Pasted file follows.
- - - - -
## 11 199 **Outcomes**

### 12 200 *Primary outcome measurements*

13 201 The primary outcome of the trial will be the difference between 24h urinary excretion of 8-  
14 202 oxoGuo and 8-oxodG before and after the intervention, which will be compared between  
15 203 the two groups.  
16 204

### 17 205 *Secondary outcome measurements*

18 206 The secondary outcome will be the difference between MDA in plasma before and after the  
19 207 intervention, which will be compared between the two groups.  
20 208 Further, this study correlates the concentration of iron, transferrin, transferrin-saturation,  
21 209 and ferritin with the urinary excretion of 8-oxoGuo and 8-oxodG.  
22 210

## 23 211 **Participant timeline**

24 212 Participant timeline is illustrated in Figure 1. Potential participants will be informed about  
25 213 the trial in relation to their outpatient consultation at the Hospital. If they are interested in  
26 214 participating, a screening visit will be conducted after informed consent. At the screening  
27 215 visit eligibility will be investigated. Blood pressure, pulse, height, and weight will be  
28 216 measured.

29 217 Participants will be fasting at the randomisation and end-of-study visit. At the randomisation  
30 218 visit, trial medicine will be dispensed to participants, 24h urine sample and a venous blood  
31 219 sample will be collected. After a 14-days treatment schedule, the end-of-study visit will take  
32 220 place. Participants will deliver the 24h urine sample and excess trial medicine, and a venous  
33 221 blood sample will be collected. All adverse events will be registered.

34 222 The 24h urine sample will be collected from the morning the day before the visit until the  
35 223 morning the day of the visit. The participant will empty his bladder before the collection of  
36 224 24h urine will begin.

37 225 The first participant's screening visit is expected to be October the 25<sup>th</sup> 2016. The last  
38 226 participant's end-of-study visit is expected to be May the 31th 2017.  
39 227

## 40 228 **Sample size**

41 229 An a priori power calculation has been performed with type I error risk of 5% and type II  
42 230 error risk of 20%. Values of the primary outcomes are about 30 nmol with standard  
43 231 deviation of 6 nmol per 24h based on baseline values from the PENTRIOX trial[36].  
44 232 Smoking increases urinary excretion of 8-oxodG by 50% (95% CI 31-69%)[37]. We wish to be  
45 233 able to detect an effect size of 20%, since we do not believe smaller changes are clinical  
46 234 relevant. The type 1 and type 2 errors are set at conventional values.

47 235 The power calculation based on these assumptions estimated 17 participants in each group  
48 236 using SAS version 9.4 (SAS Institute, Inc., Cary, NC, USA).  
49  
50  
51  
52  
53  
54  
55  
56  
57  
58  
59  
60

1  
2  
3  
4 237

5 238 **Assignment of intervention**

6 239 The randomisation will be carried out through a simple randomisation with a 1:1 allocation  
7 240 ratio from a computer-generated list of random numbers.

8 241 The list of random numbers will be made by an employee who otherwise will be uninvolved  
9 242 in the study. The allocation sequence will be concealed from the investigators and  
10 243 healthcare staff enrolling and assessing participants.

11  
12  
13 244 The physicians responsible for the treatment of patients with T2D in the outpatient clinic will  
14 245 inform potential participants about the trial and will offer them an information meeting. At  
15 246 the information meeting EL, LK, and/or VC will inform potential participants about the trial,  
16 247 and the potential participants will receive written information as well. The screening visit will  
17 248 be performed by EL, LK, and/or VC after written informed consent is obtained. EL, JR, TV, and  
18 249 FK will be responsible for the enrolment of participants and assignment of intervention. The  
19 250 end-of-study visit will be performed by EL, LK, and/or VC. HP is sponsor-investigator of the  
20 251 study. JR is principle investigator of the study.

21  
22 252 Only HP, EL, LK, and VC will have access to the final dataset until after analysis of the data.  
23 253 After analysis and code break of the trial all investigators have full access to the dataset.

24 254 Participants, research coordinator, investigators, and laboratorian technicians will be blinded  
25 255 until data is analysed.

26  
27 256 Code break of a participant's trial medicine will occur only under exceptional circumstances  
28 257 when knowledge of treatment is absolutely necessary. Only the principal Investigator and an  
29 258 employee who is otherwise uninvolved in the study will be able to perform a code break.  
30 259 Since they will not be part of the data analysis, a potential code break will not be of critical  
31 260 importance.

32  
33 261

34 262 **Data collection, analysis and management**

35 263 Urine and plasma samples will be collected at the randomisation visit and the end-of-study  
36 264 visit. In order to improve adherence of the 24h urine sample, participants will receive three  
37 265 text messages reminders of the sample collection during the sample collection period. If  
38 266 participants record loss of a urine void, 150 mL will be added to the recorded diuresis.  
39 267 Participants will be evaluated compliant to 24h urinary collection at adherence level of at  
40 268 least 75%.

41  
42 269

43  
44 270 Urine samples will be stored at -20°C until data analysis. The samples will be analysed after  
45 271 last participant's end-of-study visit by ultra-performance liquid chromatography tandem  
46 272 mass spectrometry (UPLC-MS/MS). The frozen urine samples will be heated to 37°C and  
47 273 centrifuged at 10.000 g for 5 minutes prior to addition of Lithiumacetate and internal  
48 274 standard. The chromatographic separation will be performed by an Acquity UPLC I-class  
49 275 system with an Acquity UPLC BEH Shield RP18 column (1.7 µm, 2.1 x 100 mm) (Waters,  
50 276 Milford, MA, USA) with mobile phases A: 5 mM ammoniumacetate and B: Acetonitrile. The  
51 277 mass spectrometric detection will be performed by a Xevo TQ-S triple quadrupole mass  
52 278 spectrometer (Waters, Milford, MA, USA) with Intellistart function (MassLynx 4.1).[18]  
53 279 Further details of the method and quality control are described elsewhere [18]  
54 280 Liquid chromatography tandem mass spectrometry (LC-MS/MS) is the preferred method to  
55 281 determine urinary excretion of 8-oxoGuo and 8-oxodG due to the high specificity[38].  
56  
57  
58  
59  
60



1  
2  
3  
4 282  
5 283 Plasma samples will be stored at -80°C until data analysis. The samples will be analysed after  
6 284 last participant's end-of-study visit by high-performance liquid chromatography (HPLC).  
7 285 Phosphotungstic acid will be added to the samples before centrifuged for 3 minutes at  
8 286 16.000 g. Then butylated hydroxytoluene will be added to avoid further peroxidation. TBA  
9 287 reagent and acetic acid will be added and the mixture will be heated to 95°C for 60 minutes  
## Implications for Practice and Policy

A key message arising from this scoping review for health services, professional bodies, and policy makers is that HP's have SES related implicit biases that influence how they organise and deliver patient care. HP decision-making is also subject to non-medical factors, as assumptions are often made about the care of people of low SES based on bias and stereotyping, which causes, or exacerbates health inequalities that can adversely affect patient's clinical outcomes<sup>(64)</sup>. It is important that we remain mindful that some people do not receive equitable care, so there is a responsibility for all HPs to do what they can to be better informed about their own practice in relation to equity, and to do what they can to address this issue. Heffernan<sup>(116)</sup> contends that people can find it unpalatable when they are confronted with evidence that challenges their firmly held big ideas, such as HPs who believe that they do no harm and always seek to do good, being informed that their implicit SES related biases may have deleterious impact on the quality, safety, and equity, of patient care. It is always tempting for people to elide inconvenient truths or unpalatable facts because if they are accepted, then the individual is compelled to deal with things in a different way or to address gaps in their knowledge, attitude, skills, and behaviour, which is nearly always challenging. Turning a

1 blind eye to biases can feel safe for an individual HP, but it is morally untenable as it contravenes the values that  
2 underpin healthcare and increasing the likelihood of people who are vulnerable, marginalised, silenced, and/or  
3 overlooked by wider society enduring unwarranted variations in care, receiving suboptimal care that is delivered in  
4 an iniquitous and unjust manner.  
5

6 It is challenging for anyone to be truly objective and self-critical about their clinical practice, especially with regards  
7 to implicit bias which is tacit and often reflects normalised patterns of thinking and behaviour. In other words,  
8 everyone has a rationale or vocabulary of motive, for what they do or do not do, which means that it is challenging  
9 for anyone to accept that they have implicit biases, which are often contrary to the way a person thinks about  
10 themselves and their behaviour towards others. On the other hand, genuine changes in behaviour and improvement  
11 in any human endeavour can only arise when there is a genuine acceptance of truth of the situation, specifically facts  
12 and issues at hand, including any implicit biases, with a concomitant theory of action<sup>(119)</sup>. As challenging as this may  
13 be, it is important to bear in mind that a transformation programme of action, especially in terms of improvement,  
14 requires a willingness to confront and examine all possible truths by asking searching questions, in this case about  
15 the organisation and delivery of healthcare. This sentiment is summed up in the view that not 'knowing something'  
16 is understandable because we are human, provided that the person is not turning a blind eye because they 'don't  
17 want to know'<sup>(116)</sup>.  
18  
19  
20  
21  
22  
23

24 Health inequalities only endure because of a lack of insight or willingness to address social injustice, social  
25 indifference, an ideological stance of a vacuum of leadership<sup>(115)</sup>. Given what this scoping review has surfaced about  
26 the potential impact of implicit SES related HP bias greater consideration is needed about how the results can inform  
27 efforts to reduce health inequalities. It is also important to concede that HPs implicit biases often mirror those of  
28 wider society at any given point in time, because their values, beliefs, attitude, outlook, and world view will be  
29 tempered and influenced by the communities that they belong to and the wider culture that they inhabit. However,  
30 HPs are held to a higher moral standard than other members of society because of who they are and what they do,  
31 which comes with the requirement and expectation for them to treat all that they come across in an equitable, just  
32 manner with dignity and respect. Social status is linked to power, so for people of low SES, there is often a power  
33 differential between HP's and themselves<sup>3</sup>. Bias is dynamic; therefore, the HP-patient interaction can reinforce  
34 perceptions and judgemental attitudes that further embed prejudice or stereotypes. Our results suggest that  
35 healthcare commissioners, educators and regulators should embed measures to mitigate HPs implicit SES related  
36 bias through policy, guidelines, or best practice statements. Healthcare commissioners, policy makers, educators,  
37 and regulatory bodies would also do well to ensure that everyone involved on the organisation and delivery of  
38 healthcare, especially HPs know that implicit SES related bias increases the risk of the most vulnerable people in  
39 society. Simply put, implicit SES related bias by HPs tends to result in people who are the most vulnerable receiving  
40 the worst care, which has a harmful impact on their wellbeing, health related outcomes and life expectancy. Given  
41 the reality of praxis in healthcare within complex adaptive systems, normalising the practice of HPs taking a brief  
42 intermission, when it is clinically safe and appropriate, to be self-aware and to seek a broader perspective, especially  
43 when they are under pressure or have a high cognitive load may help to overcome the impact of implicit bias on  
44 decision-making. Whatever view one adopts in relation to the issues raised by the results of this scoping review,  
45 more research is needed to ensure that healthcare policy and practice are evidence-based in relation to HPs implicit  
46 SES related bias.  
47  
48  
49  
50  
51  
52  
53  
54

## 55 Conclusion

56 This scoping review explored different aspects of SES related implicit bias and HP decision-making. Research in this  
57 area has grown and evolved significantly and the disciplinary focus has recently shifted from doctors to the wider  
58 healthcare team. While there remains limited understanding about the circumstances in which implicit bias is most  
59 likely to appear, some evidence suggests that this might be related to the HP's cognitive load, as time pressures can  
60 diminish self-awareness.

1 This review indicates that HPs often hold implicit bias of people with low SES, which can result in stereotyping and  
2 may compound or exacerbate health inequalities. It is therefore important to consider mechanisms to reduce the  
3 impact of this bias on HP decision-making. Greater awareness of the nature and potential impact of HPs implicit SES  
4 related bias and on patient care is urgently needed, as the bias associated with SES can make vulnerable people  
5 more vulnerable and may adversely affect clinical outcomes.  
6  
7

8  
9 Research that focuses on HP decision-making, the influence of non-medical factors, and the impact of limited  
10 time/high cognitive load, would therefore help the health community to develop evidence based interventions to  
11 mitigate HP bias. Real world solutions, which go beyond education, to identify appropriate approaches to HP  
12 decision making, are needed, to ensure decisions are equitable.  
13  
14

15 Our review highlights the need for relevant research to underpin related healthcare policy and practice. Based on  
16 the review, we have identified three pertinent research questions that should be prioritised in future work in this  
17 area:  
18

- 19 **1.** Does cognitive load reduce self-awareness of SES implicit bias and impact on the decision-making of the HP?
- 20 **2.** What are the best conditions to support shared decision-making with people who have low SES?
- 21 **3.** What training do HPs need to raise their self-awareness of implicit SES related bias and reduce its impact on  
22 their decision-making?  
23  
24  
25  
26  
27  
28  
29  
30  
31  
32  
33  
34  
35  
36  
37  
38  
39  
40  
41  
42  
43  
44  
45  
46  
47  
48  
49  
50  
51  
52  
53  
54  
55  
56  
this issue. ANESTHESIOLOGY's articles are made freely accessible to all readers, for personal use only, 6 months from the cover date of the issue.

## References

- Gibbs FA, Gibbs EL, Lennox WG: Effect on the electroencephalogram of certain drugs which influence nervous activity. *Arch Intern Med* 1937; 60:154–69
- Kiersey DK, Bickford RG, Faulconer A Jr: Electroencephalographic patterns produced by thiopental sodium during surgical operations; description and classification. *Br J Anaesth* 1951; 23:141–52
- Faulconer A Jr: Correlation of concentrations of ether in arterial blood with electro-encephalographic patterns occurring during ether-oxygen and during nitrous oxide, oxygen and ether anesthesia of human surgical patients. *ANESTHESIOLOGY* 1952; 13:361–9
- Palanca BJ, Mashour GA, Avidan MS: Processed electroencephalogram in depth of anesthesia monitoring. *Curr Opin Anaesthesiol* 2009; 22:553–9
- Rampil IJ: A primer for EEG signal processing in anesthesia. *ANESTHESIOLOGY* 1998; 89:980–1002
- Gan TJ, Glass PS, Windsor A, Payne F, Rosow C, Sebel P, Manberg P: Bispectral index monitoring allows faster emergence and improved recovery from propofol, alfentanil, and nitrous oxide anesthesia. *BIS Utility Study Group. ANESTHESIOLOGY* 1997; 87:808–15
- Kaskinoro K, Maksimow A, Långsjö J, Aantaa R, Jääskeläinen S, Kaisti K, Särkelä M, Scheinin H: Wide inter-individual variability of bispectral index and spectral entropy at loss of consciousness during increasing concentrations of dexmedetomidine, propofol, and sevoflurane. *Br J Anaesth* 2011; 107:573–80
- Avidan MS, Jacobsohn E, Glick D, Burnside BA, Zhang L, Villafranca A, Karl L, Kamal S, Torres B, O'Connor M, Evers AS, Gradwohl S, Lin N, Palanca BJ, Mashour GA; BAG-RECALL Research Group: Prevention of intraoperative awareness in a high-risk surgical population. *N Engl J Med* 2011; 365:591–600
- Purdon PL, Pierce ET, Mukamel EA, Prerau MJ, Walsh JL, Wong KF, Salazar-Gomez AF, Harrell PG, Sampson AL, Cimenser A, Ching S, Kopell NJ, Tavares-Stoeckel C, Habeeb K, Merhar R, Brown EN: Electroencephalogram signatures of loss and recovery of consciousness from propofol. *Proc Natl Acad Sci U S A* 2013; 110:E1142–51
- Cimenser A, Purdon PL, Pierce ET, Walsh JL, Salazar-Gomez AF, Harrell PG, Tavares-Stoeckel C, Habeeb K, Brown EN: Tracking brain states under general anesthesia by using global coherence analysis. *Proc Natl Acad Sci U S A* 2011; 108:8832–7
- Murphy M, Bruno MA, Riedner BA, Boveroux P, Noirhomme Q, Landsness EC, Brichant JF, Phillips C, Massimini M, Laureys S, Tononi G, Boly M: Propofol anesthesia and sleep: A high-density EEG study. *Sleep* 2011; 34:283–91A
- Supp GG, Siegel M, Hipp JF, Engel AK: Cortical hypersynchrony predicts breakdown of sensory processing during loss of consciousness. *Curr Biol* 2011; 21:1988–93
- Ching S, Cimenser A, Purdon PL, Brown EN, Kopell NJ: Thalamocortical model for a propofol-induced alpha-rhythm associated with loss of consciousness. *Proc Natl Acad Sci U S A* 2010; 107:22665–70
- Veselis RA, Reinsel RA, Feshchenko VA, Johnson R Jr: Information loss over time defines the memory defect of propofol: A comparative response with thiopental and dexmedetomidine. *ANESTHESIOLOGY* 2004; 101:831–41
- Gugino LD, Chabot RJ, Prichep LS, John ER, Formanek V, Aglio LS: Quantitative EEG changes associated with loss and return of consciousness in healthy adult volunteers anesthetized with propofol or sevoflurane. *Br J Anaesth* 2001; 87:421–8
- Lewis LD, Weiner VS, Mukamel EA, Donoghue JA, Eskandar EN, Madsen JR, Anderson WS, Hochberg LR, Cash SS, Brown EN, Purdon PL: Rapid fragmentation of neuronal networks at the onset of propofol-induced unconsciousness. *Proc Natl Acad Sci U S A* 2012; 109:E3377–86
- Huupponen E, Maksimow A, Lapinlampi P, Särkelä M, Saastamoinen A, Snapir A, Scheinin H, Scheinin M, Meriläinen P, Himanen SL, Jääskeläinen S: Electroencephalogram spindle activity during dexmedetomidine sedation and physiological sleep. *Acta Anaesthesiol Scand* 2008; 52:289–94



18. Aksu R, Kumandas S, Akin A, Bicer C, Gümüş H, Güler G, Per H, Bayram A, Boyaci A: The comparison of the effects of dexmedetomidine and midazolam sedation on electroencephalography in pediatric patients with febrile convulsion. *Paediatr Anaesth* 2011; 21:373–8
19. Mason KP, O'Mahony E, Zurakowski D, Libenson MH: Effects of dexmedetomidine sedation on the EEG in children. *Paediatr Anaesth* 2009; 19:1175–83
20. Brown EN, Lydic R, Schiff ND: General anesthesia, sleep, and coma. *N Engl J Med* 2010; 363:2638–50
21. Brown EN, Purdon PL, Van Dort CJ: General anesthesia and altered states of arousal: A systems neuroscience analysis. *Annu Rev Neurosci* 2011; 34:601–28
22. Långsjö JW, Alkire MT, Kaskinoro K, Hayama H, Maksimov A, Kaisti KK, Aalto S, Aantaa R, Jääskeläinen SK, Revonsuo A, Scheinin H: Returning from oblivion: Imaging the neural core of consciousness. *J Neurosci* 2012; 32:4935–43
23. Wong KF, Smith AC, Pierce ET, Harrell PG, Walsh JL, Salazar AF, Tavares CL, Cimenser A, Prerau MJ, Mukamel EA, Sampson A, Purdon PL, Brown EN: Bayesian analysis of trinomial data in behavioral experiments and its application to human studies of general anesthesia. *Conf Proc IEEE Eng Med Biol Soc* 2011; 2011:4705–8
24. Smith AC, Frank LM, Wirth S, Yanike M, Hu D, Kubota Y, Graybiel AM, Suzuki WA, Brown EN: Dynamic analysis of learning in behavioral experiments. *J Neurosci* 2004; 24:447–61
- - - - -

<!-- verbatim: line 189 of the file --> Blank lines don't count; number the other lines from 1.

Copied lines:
8  